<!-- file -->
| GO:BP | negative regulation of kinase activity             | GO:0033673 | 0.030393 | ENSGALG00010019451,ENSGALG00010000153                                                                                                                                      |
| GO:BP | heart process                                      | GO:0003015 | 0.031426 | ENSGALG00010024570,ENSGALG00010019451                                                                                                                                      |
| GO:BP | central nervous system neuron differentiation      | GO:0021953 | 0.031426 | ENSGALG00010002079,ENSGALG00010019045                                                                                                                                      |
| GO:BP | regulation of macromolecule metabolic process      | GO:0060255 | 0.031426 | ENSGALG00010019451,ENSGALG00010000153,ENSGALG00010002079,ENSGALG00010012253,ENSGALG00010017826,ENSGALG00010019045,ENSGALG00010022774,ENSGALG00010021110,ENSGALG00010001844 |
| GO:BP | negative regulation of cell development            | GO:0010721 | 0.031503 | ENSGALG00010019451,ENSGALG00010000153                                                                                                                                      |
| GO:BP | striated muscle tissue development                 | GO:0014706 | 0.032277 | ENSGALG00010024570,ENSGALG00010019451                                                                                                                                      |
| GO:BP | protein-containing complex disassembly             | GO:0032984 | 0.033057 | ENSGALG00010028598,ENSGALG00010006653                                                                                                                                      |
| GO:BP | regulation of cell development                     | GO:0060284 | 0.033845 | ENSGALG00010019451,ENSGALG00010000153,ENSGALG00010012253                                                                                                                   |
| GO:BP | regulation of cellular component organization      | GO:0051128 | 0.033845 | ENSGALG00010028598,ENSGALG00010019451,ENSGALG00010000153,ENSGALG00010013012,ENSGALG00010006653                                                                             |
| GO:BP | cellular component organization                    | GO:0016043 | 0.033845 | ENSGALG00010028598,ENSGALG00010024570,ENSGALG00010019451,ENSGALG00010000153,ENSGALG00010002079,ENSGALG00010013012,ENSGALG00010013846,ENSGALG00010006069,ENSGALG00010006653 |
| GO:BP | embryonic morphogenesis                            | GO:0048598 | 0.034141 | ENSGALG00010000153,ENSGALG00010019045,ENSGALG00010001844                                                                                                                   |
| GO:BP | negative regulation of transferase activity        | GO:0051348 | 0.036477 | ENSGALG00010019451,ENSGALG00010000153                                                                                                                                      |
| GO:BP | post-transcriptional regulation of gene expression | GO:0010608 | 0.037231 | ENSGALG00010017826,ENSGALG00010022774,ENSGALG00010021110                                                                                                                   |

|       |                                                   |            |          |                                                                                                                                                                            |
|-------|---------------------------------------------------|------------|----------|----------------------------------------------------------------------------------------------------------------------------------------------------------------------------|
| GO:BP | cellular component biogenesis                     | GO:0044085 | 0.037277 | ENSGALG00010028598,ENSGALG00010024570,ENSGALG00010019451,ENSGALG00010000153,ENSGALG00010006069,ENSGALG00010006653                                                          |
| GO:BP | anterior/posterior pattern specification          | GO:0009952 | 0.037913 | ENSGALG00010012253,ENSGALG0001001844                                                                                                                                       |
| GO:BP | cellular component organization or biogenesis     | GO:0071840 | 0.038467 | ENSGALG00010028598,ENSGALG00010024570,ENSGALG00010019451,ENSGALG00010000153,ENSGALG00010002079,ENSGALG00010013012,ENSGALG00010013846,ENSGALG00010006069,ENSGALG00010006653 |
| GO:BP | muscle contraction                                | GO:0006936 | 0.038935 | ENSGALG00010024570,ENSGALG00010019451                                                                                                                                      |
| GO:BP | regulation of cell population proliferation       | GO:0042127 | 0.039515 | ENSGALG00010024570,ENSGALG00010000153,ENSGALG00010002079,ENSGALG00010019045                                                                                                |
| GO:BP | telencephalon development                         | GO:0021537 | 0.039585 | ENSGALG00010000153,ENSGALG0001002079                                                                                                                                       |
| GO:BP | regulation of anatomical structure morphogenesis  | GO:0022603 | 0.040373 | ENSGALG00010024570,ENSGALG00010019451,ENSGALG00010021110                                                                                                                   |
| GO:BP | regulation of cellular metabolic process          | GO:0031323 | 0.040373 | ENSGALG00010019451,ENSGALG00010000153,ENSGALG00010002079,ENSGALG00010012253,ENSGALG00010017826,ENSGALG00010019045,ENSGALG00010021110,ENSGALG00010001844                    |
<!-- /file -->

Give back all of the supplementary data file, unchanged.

| GO:BP | negative regulation of kinase activity             | GO:0033673 | 0.030393 | ENSGALG00010019451,ENSGALG00010000153                                                                                                                                      |
| GO:BP | heart process                                      | GO:0003015 | 0.031426 | ENSGALG00010024570,ENSGALG00010019451                                                                                                                                      |
| GO:BP | central nervous system neuron differentiation      | GO:0021953 | 0.031426 | ENSGALG00010002079,ENSGALG00010019045                                                                                                                                      |
| GO:BP | regulation of macromolecule metabolic process      | GO:0060255 | 0.031426 | ENSGALG00010019451,ENSGALG00010000153,ENSGALG00010002079,ENSGALG00010012253,ENSGALG00010017826,ENSGALG00010019045,ENSGALG00010022774,ENSGALG00010021110,ENSGALG00010001844 |
| GO:BP | negative regulation of cell development            | GO:0010721 | 0.031503 | ENSGALG00010019451,ENSGALG00010000153                                                                                                                                      |
| GO:BP | striated muscle tissue development                 | GO:0014706 | 0.032277 | ENSGALG00010024570,ENSGALG00010019451                                                                                                                                      |
| GO:BP | protein-containing complex disassembly             | GO:0032984 | 0.033057 | ENSGALG00010028598,ENSGALG00010006653                                                                                                                                      |
| GO:BP | regulation of cell development                     | GO:0060284 | 0.033845 | ENSGALG00010019451,ENSGALG00010000153,ENSGALG00010012253                                                                                                                   |
| GO:BP | regulation of cellular component organization      | GO:0051128 | 0.033845 | ENSGALG00010028598,ENSGALG00010019451,ENSGALG00010000153,ENSGALG00010013012,ENSGALG00010006653                                                                             |
| GO:BP | cellular component organization                    | GO:0016043 | 0.033845 | ENSGALG00010028598,ENSGALG00010024570,ENSGALG00010019451,ENSGALG00010000153,ENSGALG00010002079,ENSGALG00010013012,ENSGALG00010013846,ENSGALG00010006069,ENSGALG00010006653 |
| GO:BP | embryonic morphogenesis                            | GO:0048598 | 0.034141 | ENSGALG00010000153,ENSGALG00010019045,ENSGALG00010001844                                                                                                                   |
| GO:BP | negative regulation of transferase activity        | GO:0051348 | 0.036477 | ENSGALG00010019451,ENSGALG00010000153                                                                                                                                      |
| GO:BP | post-transcriptional regulation of gene expression | GO:0010608 | 0.037231 | ENSGALG00010017826,ENSGALG00010022774,ENSGALG00010021110                                                                                                                   |

|       |                                                   |            |          |                                                                                                                                                                            |
|-------|---------------------------------------------------|------------|----------|----------------------------------------------------------------------------------------------------------------------------------------------------------------------------|
| GO:BP | cellular component biogenesis                     | GO:0044085 | 0.037277 | ENSGALG00010028598,ENSGALG00010024570,ENSGALG00010019451,ENSGALG00010000153,ENSGALG00010006069,ENSGALG00010006653                                                          |
| GO:BP | anterior/posterior pattern specification          | GO:0009952 | 0.037913 | ENSGALG00010012253,ENSGALG0001001844                                                                                                                                       |
| GO:BP | cellular component organization or biogenesis     | GO:0071840 | 0.038467 | ENSGALG00010028598,ENSGALG00010024570,ENSGALG00010019451,ENSGALG00010000153,ENSGALG00010002079,ENSGALG00010013012,ENSGALG00010013846,ENSGALG00010006069,ENSGALG00010006653 |
| GO:BP | muscle contraction                                | GO:0006936 | 0.038935 | ENSGALG00010024570,ENSGALG00010019451                                                                                                                                      |
| GO:BP | regulation of cell population proliferation       | GO:0042127 | 0.039515 | ENSGALG00010024570,ENSGALG00010000153,ENSGALG00010002079,ENSGALG00010019045                                                                                                |
| GO:BP | telencephalon development                         | GO:0021537 | 0.039585 | ENSGALG00010000153,ENSGALG0001002079                                                                                                                                       |
| GO:BP | regulation of anatomical structure morphogenesis  | GO:0022603 | 0.040373 | ENSGALG00010024570,ENSGALG00010019451,ENSGALG00010021110                                                                                                                   |
| GO:BP | regulation of cellular metabolic process          | GO:0031323 | 0.040373 | ENSGALG00010019451,ENSGALG00010000153,ENSGALG00010002079,ENSGALG00010012253,ENSGALG00010017826,ENSGALG00010019045,ENSGALG00010021110,ENSGALG00010001844                    |